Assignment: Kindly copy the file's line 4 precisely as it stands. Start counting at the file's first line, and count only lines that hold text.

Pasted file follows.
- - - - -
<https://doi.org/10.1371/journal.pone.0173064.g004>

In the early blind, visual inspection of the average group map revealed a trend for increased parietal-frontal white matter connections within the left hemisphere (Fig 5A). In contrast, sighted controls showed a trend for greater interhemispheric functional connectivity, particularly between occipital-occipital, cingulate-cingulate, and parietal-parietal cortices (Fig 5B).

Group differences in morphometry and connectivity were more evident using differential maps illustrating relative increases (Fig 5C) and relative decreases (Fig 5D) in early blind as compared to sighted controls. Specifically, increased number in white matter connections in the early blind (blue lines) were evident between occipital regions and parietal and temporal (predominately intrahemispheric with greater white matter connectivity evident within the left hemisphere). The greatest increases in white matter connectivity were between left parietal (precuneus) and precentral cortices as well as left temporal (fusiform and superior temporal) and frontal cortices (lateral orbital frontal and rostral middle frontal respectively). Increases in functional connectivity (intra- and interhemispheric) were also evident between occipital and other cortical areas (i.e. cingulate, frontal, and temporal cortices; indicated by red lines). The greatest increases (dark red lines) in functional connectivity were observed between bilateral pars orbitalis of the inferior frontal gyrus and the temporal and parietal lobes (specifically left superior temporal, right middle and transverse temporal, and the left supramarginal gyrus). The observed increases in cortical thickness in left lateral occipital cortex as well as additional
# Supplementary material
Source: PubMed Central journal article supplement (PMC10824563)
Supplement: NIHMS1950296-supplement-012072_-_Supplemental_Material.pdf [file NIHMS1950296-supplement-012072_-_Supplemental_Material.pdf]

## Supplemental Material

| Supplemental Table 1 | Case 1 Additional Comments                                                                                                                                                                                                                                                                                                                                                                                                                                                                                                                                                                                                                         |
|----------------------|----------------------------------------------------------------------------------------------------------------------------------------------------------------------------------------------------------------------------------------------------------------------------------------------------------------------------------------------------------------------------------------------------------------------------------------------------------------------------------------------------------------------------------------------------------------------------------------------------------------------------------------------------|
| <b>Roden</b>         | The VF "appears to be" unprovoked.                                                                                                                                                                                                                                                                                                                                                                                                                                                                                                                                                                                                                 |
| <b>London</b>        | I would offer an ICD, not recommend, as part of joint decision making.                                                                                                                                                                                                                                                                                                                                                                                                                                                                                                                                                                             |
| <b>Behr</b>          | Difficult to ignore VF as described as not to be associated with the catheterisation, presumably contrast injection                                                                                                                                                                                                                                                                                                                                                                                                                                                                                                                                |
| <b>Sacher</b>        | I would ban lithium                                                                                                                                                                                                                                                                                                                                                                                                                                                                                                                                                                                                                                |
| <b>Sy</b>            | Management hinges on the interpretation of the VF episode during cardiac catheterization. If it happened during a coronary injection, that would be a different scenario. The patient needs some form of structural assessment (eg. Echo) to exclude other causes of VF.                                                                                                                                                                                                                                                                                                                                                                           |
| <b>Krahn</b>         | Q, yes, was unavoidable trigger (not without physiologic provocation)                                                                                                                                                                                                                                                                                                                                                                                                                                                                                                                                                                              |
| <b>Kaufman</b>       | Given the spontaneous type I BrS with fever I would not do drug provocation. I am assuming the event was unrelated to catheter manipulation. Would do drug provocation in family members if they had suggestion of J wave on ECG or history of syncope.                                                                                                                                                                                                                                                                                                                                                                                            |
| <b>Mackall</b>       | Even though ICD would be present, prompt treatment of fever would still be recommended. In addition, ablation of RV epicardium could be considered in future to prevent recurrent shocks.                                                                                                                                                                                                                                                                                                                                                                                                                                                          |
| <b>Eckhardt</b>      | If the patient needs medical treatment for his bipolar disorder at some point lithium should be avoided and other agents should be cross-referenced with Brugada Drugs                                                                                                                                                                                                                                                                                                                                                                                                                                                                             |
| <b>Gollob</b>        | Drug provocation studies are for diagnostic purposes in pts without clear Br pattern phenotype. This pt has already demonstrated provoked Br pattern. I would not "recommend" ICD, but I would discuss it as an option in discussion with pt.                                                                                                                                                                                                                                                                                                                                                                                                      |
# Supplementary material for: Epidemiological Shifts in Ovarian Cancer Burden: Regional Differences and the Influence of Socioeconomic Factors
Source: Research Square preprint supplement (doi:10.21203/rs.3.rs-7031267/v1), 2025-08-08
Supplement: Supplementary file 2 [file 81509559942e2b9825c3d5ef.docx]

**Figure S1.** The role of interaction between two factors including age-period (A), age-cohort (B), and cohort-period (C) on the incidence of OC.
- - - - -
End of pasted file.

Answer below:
# Supplementary material